The reason for the change is because I don’t control playing time while coaching my youth team; the league rules do instead.

The league rule states that each quarter will be broken up into two halves, and at each break in the quarter, the coach must sub in each player on the bench. So with ten players on the team, we substitute five in and five out at each break.

But I know what’s coming down the road. As my son gets older and gets into more competitive leagues and I follow him while coaching his teams, I will eventually have to make decisions on playing time and even make team cuts. And that is when the parents will turn on me and begin to resent me once again.

The crazy thing is that it’s getting worse as the parent's expectations increase. Of course, they all want their child to get a sports scholarship or make it to the pro’s or maybe their self-esteem is wrapped up in their child.

They spend thousands of dollars a year for trainers and travel ball, so they expect to see a return on their investment. But, instead, the acquisition increases their expectations, and when the expectations are not met, they must find a scapegoat. And that scapegoat inevitably will be the coach.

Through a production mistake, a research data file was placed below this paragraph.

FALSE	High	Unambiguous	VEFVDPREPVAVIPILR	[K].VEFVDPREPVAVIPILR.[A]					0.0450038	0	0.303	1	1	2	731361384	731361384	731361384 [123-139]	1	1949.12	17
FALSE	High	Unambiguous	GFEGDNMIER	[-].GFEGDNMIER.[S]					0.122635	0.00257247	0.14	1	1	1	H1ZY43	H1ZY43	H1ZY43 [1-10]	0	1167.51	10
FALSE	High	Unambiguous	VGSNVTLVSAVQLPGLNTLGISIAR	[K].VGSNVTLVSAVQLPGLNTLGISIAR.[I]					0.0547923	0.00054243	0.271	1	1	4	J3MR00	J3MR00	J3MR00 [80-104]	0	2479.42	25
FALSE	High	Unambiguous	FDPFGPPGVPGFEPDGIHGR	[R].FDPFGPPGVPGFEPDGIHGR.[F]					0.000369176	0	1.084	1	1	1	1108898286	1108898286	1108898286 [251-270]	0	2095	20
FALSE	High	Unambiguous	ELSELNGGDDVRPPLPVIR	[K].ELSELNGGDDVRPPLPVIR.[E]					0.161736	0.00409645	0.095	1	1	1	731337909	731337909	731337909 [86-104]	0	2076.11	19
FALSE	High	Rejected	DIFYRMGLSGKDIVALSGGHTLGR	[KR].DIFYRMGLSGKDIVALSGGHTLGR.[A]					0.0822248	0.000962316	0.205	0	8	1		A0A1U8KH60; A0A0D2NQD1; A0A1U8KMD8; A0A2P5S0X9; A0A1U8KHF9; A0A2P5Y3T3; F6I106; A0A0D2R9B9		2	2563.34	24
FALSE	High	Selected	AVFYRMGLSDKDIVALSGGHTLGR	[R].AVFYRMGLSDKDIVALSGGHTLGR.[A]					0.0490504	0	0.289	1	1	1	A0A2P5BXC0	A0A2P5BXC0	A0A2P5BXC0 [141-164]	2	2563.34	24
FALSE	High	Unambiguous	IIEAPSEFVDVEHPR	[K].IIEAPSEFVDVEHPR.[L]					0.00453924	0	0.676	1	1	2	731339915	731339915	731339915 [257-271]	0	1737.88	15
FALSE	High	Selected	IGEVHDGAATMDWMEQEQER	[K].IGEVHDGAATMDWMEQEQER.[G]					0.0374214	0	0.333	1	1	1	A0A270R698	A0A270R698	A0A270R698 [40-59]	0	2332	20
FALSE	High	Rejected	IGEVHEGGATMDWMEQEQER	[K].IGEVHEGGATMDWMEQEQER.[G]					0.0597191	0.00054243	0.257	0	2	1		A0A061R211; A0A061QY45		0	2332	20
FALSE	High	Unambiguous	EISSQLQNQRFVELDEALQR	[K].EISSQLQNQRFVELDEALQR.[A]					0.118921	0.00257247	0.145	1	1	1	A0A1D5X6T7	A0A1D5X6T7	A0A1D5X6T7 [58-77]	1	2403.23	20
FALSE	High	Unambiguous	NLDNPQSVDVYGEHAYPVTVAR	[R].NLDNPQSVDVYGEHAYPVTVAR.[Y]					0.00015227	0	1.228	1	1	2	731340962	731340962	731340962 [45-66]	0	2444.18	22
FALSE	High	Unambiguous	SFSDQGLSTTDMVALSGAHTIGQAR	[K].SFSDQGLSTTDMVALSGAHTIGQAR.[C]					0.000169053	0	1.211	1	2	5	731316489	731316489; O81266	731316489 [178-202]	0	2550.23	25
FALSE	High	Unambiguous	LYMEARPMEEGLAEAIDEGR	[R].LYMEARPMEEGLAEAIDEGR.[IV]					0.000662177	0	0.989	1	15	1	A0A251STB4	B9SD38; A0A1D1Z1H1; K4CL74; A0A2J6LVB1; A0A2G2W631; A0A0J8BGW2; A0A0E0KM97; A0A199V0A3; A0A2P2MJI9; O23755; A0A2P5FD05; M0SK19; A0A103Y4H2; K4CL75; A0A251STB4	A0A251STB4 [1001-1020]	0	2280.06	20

And some have zero self-awareness when it comes to their child’s basketball ability. I’ve often wished that before a parent meeting, there was a magical way for parents to have the insight and self-awareness of their child’s abilities so that their expectations would focus on growth rather than outcomes. But that was never going to happen.

When did youth sports become more focused on those outcomes rather than on the lifelong lessons learned? Or memories and experiences that are created and the fun competing with their friends?

And that’s not all; in my coaching journey, I’ve had to navigate through the following challenges: helping a player deal with a divorce, teen pregnancy, death in the family, verbal and physical abuse, helping a player who’s mother was diagnosed with cancer, car crashes, acting out in school, bipolar disorder, depression and learning disabilities. One parent held a knife to one of my player’s throats.

The crazy thing is that there are no coaching clinics or classes or books that I’ve seen that can help a coach learn to better deal with those issues. And I was hired as a varsity coach at the age of 24 and only had two years of prior coaching experience. One year as a varsity assistant coach while still in college, the second was as a head freshman coach. So how was I supposed to be trained to deal with those issues when I was still a kid?

Or how about the following scenario:

One time had a large group of students from another school bum rush into the middle of our practice and coming after one of our players. The kid leading the charge had his hand in his pants as if he was holding a gun. I got in front of that kid and put my hand over his arm to prevent him from pulling out a gun and opening fire.